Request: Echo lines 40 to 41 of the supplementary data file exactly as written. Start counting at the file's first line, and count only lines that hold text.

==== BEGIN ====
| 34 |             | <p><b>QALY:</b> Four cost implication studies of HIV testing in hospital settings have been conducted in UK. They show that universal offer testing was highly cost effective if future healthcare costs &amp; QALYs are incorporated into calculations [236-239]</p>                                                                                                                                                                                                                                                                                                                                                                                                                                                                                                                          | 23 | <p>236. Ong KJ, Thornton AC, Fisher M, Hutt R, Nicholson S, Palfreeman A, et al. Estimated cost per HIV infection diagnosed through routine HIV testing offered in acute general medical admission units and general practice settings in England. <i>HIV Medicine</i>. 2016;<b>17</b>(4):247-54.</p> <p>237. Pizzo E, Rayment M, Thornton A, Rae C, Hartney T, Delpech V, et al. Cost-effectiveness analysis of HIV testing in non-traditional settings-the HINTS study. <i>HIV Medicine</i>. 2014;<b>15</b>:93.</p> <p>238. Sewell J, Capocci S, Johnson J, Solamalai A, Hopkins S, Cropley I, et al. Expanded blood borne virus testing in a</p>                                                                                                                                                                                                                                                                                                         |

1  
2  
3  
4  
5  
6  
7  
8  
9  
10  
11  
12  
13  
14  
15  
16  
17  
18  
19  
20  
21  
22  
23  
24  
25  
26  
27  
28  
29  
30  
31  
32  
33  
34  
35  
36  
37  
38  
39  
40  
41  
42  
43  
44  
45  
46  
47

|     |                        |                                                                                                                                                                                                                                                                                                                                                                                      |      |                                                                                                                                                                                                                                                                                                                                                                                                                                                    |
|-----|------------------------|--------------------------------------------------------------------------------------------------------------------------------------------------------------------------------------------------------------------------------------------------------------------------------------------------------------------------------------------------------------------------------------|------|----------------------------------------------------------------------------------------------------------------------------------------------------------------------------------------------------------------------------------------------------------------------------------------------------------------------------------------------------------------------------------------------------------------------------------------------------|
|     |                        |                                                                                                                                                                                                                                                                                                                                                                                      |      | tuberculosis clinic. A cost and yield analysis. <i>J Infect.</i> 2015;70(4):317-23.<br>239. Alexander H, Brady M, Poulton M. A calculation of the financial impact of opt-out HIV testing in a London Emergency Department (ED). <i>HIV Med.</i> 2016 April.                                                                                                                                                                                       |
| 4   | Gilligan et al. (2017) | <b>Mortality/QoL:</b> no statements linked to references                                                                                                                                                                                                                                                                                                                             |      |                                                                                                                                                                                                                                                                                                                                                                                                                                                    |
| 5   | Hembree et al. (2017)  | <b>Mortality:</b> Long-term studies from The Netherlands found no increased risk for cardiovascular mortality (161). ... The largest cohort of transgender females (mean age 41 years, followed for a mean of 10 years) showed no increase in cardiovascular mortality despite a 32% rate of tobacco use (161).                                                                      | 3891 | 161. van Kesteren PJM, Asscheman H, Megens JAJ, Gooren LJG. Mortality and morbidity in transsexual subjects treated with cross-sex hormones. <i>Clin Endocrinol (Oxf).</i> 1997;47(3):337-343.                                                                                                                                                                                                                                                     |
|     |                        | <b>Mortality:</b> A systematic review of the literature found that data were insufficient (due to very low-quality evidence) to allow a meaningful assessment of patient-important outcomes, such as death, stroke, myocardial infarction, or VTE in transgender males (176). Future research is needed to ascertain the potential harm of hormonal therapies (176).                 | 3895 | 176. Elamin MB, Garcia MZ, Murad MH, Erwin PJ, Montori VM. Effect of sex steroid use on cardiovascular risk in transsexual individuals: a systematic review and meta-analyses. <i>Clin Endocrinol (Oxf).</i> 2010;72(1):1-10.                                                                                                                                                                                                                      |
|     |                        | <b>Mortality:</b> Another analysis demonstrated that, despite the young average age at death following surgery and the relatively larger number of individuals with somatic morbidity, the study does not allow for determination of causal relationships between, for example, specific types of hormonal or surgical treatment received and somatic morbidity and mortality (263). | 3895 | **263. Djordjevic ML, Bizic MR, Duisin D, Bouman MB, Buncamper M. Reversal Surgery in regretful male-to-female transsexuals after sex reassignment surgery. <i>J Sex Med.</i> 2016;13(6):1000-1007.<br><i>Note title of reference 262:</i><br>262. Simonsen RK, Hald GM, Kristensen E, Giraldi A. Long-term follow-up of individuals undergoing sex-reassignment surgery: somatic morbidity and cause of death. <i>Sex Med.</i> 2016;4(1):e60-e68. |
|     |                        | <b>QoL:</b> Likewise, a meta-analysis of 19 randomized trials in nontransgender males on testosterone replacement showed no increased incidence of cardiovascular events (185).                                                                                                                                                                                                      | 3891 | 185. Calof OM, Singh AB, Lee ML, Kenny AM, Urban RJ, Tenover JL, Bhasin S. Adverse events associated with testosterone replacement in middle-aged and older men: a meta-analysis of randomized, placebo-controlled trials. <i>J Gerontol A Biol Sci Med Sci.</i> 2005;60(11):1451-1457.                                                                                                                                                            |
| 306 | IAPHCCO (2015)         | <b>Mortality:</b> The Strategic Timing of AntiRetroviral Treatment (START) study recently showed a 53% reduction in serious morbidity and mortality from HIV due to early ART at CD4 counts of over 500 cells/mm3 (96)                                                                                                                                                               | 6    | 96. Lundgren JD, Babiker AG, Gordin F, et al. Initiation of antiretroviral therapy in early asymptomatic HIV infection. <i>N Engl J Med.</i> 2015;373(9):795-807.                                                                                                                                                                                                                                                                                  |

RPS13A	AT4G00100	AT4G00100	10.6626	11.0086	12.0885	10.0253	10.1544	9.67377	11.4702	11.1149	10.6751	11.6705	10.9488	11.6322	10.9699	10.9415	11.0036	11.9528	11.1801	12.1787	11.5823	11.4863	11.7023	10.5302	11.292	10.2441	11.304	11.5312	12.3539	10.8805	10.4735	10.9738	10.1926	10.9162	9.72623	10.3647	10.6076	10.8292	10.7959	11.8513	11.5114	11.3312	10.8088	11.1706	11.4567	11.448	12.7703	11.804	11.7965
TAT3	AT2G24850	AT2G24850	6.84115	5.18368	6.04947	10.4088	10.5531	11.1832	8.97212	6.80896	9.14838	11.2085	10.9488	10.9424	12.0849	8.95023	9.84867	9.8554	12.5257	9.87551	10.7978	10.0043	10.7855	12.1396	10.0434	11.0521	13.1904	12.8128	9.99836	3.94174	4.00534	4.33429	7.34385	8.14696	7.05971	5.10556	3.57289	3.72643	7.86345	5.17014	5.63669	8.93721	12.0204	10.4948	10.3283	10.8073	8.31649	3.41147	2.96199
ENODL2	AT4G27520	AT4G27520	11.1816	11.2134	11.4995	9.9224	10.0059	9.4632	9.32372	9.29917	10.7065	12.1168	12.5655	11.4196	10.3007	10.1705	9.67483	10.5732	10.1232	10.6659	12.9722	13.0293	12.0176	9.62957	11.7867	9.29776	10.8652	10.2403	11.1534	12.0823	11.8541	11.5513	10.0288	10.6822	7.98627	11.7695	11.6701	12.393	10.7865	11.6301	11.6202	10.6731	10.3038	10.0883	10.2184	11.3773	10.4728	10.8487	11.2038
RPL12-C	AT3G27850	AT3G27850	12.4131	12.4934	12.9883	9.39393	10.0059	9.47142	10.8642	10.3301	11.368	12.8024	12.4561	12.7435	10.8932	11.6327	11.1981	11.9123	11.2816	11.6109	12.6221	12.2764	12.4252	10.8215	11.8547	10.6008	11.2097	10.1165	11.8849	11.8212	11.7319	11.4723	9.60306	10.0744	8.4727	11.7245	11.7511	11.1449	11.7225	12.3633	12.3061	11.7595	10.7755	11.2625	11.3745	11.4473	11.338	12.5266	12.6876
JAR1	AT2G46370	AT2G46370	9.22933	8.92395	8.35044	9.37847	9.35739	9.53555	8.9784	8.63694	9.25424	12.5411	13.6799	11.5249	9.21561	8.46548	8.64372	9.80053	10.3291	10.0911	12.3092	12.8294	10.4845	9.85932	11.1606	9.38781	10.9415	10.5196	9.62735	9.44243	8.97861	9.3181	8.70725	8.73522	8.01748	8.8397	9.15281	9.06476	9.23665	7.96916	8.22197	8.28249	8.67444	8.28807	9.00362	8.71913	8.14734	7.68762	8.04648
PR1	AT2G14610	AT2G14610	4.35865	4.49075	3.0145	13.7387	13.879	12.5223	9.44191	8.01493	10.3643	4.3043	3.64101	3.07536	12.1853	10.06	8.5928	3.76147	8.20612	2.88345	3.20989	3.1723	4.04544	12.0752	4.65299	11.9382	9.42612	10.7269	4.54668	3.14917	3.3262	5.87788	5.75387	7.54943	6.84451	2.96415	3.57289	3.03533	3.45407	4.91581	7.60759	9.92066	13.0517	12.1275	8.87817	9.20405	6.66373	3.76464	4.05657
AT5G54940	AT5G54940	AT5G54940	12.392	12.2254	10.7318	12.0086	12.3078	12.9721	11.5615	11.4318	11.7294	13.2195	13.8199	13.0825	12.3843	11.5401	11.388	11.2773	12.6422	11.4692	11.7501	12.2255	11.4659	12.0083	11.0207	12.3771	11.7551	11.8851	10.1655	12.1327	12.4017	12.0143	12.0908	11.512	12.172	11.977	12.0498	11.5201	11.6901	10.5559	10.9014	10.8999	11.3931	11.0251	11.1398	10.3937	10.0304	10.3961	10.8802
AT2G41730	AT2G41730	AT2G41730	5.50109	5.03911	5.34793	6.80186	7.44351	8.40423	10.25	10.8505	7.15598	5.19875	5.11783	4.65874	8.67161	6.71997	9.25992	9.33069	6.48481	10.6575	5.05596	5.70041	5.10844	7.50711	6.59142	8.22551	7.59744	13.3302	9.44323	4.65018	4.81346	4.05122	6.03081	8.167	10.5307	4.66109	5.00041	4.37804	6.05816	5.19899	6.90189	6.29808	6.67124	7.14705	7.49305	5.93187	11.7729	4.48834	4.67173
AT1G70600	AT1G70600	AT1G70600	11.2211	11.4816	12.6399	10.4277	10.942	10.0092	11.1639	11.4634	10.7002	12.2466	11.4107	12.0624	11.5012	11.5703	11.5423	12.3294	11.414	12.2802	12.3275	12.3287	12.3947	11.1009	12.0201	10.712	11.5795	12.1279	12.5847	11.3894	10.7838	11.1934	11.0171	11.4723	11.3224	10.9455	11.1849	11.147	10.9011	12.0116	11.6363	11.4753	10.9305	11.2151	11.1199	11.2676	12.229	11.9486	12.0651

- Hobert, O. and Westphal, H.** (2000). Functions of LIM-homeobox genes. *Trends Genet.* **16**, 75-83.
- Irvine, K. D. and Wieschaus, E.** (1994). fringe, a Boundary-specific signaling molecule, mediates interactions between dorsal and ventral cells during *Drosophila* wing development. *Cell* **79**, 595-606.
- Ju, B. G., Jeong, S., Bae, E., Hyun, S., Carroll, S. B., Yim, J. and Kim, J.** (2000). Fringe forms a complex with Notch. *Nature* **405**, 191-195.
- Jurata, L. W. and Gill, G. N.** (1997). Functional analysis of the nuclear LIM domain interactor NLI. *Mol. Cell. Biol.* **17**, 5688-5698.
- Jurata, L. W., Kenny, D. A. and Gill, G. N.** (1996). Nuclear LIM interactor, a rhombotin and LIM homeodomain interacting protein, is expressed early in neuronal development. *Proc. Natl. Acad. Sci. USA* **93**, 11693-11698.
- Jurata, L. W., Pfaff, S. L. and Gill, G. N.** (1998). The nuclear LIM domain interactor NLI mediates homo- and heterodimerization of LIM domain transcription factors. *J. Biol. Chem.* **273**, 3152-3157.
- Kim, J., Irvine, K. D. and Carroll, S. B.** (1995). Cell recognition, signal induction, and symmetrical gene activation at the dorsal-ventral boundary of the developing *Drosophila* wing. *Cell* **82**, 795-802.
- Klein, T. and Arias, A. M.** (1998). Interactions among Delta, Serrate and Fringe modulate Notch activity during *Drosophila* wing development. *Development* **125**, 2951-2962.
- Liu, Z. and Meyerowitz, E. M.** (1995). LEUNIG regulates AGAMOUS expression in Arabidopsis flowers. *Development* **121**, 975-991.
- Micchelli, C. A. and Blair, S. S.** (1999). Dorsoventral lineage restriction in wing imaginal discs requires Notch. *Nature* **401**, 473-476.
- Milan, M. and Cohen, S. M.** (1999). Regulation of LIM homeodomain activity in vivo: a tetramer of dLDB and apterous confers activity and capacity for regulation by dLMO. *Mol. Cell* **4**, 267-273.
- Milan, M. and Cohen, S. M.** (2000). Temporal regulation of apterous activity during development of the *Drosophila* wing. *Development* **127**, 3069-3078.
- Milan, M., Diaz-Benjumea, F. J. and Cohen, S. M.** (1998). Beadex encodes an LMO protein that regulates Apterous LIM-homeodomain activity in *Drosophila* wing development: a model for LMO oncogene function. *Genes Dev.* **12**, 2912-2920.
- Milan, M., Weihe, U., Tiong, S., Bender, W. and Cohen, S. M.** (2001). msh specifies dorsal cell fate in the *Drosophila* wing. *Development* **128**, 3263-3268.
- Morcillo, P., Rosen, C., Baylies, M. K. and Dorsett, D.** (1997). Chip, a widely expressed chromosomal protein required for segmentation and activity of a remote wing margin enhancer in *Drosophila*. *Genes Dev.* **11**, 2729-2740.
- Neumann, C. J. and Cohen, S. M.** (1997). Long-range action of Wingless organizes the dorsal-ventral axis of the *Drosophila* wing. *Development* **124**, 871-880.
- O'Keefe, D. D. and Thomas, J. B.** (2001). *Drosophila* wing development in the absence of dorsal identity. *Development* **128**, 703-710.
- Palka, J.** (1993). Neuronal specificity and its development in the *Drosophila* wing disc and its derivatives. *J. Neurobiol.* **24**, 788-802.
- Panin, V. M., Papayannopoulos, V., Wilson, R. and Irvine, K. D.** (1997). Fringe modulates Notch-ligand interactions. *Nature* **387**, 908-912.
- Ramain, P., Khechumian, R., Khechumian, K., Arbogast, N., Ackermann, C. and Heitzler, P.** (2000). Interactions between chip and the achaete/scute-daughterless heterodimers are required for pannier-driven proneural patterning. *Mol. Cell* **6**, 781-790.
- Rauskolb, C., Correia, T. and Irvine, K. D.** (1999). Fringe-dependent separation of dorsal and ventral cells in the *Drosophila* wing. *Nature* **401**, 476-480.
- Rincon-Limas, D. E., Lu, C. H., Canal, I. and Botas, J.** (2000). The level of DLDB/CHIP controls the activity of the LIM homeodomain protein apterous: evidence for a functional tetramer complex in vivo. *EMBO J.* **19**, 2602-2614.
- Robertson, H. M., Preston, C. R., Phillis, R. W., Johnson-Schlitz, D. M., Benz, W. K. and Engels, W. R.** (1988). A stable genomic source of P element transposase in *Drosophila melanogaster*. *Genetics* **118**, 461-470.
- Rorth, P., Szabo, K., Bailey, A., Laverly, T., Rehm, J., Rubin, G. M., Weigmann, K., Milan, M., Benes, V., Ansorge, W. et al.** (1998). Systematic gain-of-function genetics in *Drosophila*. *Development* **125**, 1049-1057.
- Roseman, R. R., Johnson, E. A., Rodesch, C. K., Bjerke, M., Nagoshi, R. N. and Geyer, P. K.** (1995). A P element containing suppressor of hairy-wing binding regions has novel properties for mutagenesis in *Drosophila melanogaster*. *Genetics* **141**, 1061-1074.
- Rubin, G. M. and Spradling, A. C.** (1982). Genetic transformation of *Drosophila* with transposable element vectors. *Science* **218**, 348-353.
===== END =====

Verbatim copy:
39  
40  